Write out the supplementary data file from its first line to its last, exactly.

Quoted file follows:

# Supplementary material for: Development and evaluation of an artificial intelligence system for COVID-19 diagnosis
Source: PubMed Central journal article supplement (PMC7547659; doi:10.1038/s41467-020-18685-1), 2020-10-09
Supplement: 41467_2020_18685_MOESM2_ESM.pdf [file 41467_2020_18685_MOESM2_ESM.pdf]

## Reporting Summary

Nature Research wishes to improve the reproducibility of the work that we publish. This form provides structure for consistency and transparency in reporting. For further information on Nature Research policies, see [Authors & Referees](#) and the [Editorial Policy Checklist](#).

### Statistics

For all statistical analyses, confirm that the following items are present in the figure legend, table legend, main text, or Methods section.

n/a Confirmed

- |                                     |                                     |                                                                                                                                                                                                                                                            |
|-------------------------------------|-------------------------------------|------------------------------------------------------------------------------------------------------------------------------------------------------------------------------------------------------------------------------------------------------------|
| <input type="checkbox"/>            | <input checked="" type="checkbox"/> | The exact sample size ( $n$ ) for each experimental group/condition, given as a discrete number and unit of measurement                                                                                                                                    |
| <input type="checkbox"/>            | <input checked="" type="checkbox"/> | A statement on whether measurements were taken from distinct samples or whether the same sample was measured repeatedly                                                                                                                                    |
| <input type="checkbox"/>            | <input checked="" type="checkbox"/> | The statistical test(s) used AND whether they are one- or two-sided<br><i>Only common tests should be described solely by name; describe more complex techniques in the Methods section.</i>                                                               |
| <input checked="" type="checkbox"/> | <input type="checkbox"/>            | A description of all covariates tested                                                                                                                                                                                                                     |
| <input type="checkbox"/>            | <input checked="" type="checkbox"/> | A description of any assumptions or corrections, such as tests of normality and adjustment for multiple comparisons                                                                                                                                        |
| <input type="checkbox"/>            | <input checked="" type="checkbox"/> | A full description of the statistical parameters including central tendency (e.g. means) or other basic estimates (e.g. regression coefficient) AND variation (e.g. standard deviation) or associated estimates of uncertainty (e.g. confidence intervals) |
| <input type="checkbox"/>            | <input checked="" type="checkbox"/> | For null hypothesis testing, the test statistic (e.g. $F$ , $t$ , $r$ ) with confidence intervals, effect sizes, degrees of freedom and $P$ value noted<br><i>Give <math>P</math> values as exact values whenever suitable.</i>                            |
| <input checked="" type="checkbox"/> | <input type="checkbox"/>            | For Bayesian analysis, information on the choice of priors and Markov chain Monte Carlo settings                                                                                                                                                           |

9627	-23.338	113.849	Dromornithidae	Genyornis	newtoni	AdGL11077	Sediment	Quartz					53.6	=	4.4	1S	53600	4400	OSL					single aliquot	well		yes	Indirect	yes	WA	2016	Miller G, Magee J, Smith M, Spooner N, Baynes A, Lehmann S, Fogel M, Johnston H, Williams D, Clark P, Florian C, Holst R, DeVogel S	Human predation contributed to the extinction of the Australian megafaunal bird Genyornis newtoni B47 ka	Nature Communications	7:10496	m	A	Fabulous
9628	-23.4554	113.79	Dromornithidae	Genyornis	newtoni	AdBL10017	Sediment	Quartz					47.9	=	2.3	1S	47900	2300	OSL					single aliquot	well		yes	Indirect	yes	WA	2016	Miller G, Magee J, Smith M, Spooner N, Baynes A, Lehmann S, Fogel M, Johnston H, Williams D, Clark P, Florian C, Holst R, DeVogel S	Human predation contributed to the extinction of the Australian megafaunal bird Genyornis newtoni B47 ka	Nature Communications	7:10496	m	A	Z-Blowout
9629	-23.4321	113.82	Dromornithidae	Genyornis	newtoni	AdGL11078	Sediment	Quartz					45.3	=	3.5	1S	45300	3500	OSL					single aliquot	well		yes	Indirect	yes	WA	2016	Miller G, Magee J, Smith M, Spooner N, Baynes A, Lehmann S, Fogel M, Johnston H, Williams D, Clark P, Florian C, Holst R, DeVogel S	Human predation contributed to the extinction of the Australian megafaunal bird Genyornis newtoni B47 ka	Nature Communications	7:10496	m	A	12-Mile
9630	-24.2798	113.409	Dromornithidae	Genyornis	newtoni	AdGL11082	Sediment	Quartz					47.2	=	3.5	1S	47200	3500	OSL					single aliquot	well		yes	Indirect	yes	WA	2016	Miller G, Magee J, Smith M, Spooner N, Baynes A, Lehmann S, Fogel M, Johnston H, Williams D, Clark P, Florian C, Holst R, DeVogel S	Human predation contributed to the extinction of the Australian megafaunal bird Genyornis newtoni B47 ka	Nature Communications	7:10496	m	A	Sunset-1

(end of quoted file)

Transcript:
# Supplementary material for: Development and evaluation of an artificial intelligence system for COVID-19 diagnosis
Source: PubMed Central journal article supplement (PMC7547659; doi:10.1038/s41467-020-18685-1), 2020-10-09
Supplement: 41467_2020_18685_MOESM2_ESM.pdf [file 41467_2020_18685_MOESM2_ESM.pdf]

## Reporting Summary

Nature Research wishes to improve the reproducibility of the work that we publish. This form provides structure for consistency and transparency in reporting. For further information on Nature Research policies, see [Authors & Referees](#) and the [Editorial Policy Checklist](#).

### Statistics

For all statistical analyses, confirm that the following items are present in the figure legend, table legend, main text, or Methods section.

n/a Confirmed

- |                                     |                                     |                                                                                                                                                                                                                                                            |
|-------------------------------------|-------------------------------------|------------------------------------------------------------------------------------------------------------------------------------------------------------------------------------------------------------------------------------------------------------|
| <input type="checkbox"/>            | <input checked="" type="checkbox"/> | The exact sample size ( $n$ ) for each experimental group/condition, given as a discrete number and unit of measurement                                                                                                                                    |
| <input type="checkbox"/>            | <input checked="" type="checkbox"/> | A statement on whether measurements were taken from distinct samples or whether the same sample was measured repeatedly                                                                                                                                    |
| <input type="checkbox"/>            | <input checked="" type="checkbox"/> | The statistical test(s) used AND whether they are one- or two-sided<br><i>Only common tests should be described solely by name; describe more complex techniques in the Methods section.</i>                                                               |
| <input checked="" type="checkbox"/> | <input type="checkbox"/>            | A description of all covariates tested                                                                                                                                                                                                                     |
| <input type="checkbox"/>            | <input checked="" type="checkbox"/> | A description of any assumptions or corrections, such as tests of normality and adjustment for multiple comparisons                                                                                                                                        |
| <input type="checkbox"/>            | <input checked="" type="checkbox"/> | A full description of the statistical parameters including central tendency (e.g. means) or other basic estimates (e.g. regression coefficient) AND variation (e.g. standard deviation) or associated estimates of uncertainty (e.g. confidence intervals) |
| <input type="checkbox"/>            | <input checked="" type="checkbox"/> | For null hypothesis testing, the test statistic (e.g. $F$ , $t$ , $r$ ) with confidence intervals, effect sizes, degrees of freedom and $P$ value noted<br><i>Give <math>P</math> values as exact values whenever suitable.</i>                            |
| <input checked="" type="checkbox"/> | <input type="checkbox"/>            | For Bayesian analysis, information on the choice of priors and Markov chain Monte Carlo settings                                                                                                                                                           |

9627	-23.338	113.849	Dromornithidae	Genyornis	newtoni	AdGL11077	Sediment	Quartz					53.6	=	4.4	1S	53600	4400	OSL					single aliquot	well		yes	Indirect	yes	WA	2016	Miller G, Magee J, Smith M, Spooner N, Baynes A, Lehmann S, Fogel M, Johnston H, Williams D, Clark P, Florian C, Holst R, DeVogel S	Human predation contributed to the extinction of the Australian megafaunal bird Genyornis newtoni B47 ka	Nature Communications	7:10496	m	A	Fabulous
9628	-23.4554	113.79	Dromornithidae	Genyornis	newtoni	AdBL10017	Sediment	Quartz					47.9	=	2.3	1S	47900	2300	OSL					single aliquot	well		yes	Indirect	yes	WA	2016	Miller G, Magee J, Smith M, Spooner N, Baynes A, Lehmann S, Fogel M, Johnston H, Williams D, Clark P, Florian C, Holst R, DeVogel S	Human predation contributed to the extinction of the Australian megafaunal bird Genyornis newtoni B47 ka	Nature Communications	7:10496	m	A	Z-Blowout
9629	-23.4321	113.82	Dromornithidae	Genyornis	newtoni	AdGL11078	Sediment	Quartz					45.3	=	3.5	1S	45300	3500	OSL					single aliquot	well		yes	Indirect	yes	WA	2016	Miller G, Magee J, Smith M, Spooner N, Baynes A, Lehmann S, Fogel M, Johnston H, Williams D, Clark P, Florian C, Holst R, DeVogel S	Human predation contributed to the extinction of the Australian megafaunal bird Genyornis newtoni B47 ka	Nature Communications	7:10496	m	A	12-Mile
9630	-24.2798	113.409	Dromornithidae	Genyornis	newtoni	AdGL11082	Sediment	Quartz					47.2	=	3.5	1S	47200	3500	OSL					single aliquot	well		yes	Indirect	yes	WA	2016	Miller G, Magee J, Smith M, Spooner N, Baynes A, Lehmann S, Fogel M, Johnston H, Williams D, Clark P, Florian C, Holst R, DeVogel S	Human predation contributed to the extinction of the Australian megafaunal bird Genyornis newtoni B47 ka	Nature Communications	7:10496	m	A	Sunset-1